As a creature of habit, who sometimes remains brand loyal due to her mother's influence, I had never tried any of Glory Foods. Hadn't heard of them either, until a public relations person representing Glory Foods contacted me about reviewing the products. And actually, I never see them on the shelves of local gorcery stores because no stores near me carry Glory Foods. Ingles, which are completely out of my way, in Jonesborough and Boone's Creek, carry Glory Foods products.
After reading that the company is based in Ohio (I have an Ohio connection via my in-laws' roots) and that the founders established it to reflect many generations of Southern cooking traditions, that hooked me. But there were two other componenets that truly piqued my curiosty and sold me on the company's story and made me want to try its products: First, glory has a spiritual connotation that its founder, William F. "Bill" Williams thought would elevate the product in the cosumer's mind.
And then second, Glory Foods invests in its community's future by attracing young African-Americans to the hospitality and culinary arts fields. Williams established scholarships supporting minority students, as well as other programs to encourage their efforts.
The other thing that resonated with me was how Glory Foods donates thousands of products to food banks each year and that they supported relief efforts to Haiti in 2010 after Tomas destroyed so many homes and lives. One of the things I'm involved with locally is our university's food pantry. I haven't mentioned it previously on the blog because it doesn't so much fit the scope of Potlikkery.
Since February I've worked with a committee to establish a food pantry on campus servings students, staff, and faculty. This is unusual because most unicersity and college food pantries limit their service to students only. But at East Tennessee State University, we recognize that staff and faculty are food insecure as well. Many of our staff work one or two jobs on top of the ones they have with the university. Our faculty include adjunct or "contingent faculty," who easily qualify for food stamps. Our permanent faculty are the second lowest paid in the USA. I make about $20K less than I should because salaries at ETSU are inequitable JUST across the state. So food pantries and food banks are very dear to me. And Bucky's Food Pantry opens officially this fall, but we've unoffically provided food and other matierials to our population almost as soon after the committe was formed.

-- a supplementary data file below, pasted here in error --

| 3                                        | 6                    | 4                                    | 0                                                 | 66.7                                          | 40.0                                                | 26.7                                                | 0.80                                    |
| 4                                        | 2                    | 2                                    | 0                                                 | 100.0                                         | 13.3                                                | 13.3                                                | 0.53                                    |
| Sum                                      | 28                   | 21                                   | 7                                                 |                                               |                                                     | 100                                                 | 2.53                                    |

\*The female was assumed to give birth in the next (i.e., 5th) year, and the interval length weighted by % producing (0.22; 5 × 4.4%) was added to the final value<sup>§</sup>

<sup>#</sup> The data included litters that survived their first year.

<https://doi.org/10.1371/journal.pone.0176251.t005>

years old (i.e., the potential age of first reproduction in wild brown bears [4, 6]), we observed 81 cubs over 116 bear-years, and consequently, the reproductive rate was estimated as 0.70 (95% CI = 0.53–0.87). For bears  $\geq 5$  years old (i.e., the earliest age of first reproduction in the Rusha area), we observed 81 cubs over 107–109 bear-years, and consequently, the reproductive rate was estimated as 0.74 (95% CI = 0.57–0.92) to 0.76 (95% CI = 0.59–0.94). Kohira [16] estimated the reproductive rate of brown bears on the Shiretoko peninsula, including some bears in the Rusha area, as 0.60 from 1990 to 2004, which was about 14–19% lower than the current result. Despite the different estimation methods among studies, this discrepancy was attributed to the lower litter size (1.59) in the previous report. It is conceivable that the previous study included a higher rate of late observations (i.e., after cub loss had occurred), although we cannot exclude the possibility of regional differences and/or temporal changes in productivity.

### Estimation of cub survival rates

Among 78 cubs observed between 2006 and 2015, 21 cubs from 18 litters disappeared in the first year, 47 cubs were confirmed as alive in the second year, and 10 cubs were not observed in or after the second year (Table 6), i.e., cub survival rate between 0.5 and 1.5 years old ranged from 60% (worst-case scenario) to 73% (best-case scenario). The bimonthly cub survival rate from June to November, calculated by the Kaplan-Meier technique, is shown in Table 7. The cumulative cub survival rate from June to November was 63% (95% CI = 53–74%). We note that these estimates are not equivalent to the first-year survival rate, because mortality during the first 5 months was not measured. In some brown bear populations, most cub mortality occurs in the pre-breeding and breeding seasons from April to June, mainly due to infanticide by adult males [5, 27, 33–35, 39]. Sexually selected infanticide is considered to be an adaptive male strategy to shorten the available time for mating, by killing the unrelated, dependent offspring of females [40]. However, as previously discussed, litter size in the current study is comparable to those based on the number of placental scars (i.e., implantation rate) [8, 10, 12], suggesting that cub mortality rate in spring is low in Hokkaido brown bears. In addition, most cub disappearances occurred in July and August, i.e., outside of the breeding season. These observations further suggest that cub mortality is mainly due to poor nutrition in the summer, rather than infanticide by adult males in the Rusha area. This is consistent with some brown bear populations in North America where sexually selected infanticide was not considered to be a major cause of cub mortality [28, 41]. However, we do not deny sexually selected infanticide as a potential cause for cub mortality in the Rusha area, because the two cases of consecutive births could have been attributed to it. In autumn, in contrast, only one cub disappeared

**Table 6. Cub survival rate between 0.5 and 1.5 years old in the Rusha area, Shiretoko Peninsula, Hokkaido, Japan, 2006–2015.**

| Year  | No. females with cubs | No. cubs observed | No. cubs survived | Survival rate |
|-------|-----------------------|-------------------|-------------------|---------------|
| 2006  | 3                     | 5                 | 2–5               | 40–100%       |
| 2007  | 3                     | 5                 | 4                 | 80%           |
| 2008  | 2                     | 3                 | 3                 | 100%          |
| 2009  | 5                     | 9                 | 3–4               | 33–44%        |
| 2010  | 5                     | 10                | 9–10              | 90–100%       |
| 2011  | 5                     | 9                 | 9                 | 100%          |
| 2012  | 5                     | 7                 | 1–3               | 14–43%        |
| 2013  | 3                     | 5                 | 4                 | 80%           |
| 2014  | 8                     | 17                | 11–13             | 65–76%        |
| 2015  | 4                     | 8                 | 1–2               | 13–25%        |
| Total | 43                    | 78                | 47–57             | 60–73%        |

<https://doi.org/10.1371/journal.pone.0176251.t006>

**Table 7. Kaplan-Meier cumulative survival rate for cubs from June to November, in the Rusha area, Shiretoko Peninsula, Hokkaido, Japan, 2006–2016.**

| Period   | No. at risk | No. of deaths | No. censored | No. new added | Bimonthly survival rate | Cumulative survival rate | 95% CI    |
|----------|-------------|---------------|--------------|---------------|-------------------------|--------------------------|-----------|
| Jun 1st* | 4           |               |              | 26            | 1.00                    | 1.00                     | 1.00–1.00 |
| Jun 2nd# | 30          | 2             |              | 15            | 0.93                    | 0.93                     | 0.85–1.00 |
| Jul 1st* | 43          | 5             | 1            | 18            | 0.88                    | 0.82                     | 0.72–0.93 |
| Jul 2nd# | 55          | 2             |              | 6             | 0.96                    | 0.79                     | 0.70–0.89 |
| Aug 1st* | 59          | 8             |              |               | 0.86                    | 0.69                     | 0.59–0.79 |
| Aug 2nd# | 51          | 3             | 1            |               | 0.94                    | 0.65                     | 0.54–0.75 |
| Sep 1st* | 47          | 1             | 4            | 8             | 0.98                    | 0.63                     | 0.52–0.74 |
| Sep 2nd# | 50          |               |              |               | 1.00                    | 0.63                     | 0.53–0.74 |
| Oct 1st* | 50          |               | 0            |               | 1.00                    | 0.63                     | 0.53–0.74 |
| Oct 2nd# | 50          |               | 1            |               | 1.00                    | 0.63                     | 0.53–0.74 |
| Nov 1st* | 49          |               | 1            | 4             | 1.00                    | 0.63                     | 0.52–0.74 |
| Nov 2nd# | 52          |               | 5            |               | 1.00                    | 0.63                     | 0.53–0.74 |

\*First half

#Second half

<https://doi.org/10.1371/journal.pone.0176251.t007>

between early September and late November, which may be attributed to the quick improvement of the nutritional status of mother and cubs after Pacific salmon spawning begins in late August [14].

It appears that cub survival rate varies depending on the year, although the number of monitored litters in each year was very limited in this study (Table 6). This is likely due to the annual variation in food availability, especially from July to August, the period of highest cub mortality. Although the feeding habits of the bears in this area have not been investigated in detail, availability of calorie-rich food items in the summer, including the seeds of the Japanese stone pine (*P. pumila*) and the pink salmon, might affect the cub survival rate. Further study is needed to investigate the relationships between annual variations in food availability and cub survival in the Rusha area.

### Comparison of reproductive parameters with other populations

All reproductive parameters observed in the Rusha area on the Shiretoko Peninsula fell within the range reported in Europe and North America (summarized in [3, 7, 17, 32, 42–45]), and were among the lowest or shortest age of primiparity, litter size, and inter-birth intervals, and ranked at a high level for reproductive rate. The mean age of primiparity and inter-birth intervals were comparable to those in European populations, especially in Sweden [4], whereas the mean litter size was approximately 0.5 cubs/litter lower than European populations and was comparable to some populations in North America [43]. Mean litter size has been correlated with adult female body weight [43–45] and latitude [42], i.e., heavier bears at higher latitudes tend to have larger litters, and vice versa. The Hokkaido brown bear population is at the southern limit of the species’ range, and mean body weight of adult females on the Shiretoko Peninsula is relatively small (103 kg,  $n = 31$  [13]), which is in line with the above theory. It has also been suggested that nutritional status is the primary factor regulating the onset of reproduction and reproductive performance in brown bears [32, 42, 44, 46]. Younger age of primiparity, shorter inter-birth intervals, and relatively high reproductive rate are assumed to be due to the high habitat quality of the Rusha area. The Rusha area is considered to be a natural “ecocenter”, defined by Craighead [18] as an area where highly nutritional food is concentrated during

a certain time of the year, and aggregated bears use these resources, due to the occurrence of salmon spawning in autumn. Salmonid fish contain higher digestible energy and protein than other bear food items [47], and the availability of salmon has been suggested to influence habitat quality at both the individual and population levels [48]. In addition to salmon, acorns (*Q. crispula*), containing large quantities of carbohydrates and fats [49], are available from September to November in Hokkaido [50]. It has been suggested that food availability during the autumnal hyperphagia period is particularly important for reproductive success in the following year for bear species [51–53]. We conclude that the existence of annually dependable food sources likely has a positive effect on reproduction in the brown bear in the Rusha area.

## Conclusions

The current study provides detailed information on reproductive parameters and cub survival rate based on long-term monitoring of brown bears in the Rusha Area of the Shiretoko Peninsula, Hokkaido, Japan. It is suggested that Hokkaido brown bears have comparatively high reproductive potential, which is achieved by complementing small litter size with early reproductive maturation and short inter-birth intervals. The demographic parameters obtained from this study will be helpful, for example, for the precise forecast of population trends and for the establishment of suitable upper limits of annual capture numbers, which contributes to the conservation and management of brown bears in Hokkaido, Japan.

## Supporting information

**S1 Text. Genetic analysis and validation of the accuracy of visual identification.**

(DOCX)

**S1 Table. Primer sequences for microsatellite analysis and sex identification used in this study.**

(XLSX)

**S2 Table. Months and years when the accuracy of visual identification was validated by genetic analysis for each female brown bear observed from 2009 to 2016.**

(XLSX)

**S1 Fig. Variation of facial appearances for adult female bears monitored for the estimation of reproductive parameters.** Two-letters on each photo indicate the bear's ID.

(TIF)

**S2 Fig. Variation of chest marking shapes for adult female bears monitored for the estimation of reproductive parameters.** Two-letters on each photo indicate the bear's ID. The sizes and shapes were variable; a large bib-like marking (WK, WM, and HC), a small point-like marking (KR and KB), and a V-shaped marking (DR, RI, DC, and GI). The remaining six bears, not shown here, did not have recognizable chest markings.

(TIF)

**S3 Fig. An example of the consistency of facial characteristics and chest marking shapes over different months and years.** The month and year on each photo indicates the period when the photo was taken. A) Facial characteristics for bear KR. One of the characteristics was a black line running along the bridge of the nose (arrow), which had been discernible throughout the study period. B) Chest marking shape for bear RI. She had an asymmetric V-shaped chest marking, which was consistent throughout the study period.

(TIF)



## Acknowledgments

A huge gift basket of Glory Foods arrived and we're trying everything a bit at a time. It included two kinds of cornbread mix, vidalia onion hot sauce, and a mess of canned goods.
So we started off trying the White cornbread mix and the skillet corn. And we added that to dinner one night of red smashed potatoes and rare bison steak. Can't say I'd ever had skillet corn before. But maybe I had and just didn't realize it.
I've looked for recipes, and it seems faily simple to replicate. Take your fresh ear of corn, shave it off the cob, and heat it in a skillet along with butter, salt, pepper, and a bit of flour. We thought the Glory Food skillet corn tasted slightly smoky or peppery, not like black pepper, but a bell pepper.
The cornbread was awesome. Totally. But, I admit, I cheated and did something to it no real "southerner" would do. I added sugar to it. Southern cornbread isn't sweet. Though I was born in the mountain south, my mother was born in Baltimore, and that explains why I prefer a sweet cornbread. That's how she served it in our home. And that's how I like it. We all have our quirks, regardless of their origins. In my mountain south home, cornbread must be sweet.
Let me remind you that I received these samples of Glory Foods from a publicist representing the company, so that you're aware that this narrative of my experience with them complies with the new FTC regulations.